Monday, October 27, 2008

24 Lessons in High-Performance Management

Lesson Five
Develop Characteristics of Great Leaders

Here is a list of 10 characteristics that are common in high performing leaders. They do not come naturally. Great leaders develop them. The characteristics of great leaders are universal and timeless. They reflect what leaders choose to believe and how they decide to behave. Great leaders demonstrate all ten characteristics––-regardless of their field.

1. Uncompromising integrity: It's the foundation for quality and service to both internal and external customers. The would-be leader who doesn't have this will be a "flash in the pan".
2. Absence of pettiness: The greatest drain of energy in an organization is pettiness. Eliminating it results in high energy. Leaders understand the difference between interesting and important.
3. Works on things by priority: This results in stability under pressure and makes for an excellent problem solver. A leader who works by priorities prepares a daily priority list; he or she starts with #1 and doesn't deal with #2 when finished, but instead deals with the new #1, and so on.
4. Courageous: Leaders don't lead life meekly, they know there is a deep well of courage within each of us, whether or no we use it. Leaders do what they fear to keep fear from taking charge. Their credo is "It's always too soon to quit!"
5. Committed: Leaders know that they won’t die an early death by working hard in a job they love. They never hear low achievers saying to them, "Slow down! You're going to ruin your health!" Their work is a developed art form.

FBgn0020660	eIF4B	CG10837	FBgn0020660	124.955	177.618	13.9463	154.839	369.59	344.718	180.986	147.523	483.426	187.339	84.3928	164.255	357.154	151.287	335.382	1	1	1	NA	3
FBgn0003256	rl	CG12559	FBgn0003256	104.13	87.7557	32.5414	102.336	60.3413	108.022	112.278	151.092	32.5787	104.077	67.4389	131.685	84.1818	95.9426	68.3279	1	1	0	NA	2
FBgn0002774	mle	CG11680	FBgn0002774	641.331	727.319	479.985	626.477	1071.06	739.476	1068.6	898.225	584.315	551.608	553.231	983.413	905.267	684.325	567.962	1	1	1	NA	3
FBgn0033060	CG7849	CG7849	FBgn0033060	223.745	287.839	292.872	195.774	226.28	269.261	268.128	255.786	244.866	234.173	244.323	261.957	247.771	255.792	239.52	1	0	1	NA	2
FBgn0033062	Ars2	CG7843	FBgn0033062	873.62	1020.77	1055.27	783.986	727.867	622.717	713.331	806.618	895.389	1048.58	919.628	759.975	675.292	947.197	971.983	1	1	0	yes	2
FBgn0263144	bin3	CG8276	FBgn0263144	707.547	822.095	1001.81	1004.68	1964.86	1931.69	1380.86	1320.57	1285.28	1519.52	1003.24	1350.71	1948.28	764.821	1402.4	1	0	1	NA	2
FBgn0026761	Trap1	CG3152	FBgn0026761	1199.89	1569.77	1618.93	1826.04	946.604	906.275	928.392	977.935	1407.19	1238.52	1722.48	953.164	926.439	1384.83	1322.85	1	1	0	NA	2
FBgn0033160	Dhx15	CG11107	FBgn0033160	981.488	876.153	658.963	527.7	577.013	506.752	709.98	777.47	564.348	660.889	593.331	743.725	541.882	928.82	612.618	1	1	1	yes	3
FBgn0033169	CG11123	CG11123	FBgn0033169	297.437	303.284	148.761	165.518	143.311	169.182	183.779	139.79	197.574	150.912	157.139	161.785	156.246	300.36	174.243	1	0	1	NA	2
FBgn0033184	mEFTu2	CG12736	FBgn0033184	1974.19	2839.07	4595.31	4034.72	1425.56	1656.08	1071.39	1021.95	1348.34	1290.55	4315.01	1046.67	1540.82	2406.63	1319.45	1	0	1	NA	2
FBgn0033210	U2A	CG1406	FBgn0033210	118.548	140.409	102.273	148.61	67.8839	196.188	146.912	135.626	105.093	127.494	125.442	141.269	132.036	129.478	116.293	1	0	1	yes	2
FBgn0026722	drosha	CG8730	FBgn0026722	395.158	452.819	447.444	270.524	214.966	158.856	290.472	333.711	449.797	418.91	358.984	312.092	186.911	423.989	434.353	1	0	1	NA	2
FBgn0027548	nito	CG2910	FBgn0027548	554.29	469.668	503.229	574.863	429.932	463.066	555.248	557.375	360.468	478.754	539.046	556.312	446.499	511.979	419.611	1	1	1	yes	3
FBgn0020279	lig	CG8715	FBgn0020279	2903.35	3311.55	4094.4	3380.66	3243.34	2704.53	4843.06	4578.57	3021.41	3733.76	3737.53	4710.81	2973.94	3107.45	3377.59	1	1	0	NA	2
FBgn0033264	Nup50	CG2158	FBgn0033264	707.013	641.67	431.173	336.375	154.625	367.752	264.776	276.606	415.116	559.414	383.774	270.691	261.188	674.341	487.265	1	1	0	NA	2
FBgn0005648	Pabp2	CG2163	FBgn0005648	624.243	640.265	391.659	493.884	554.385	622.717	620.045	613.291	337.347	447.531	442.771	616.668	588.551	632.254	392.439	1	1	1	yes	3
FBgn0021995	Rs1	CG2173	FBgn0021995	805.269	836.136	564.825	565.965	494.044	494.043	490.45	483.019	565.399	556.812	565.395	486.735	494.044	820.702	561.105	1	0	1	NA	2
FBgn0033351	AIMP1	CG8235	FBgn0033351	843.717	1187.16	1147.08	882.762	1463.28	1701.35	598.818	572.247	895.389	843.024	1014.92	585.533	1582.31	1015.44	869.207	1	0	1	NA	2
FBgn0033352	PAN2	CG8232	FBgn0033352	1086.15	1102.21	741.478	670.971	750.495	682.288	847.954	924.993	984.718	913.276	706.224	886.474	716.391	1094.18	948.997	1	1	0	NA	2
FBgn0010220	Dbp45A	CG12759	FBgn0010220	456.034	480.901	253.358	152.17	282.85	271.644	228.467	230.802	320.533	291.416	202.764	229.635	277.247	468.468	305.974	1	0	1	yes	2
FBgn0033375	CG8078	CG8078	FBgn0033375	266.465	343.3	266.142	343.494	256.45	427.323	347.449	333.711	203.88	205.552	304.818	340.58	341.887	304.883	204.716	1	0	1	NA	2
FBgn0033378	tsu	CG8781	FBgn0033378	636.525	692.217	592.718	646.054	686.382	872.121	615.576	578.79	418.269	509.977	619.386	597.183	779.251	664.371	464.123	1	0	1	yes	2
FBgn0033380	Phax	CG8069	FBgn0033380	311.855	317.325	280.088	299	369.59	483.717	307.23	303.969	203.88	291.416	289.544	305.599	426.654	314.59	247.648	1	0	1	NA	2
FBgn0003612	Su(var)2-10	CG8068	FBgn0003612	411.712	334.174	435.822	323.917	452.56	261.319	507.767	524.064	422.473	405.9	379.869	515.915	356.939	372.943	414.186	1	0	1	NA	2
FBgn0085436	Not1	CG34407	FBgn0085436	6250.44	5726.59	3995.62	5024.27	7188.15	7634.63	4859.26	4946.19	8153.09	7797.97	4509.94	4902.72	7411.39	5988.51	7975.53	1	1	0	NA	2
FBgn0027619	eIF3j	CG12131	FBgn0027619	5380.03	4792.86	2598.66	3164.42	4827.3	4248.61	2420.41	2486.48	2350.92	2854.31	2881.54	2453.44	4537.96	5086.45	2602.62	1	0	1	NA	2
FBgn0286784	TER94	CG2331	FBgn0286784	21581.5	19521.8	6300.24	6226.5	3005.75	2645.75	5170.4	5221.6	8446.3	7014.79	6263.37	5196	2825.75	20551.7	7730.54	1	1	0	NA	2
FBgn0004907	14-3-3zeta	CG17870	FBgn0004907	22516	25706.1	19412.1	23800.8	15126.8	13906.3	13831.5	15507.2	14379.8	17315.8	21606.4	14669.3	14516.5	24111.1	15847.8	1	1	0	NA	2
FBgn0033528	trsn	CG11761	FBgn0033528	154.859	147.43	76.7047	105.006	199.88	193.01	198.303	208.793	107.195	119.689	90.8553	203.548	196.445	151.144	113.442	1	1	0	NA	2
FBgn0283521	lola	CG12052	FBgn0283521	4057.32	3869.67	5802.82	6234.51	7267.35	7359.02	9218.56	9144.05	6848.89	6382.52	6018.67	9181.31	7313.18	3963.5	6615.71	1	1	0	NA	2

6. Goal oriented: Focus is the antidote for pain in the accomplishment of stellar goals. Leaders understand that a lack of goals starts the process of both physical and mental shutdown.
7. Unorthodox: These are the creators, the innovators, and the think-outside-the-box types. They learn from their successes and from their failures. They are originals, not copies.
8. Inspired enthusiasm that's contagious: Leaders grow enthusiastic as they achieve their daily goals, which are part of a larger plan, not just daily tasks. They are acutely aware that without this contagious enthusiasm whatever mood they have will also be contagious.
9. Level headed in times of crisis: These people do not come aparts or cry in their beer. They are steady and therefore grasp the needed facts quickly. They know that conflict overcome is strength gained.
10. Desire to help others grow: Leaders know there is no saturation to education and that passing along knowledge and growth experiences builds synergistic relations and camaraderie.

Here are some suggestions for taking the road to greatness:

Rate yourself for each characteristic: On a scale of 1 to 10, how great are you?

Rate yourself from the prospective of your team members: Would they agree with how you’re rated yourself? If not, why not?

Focus on three points for improvement: Pick out three characteristics to improve in yourself and map out a plan for that improvement.

"An organization quits improving right after the manger quits improving."

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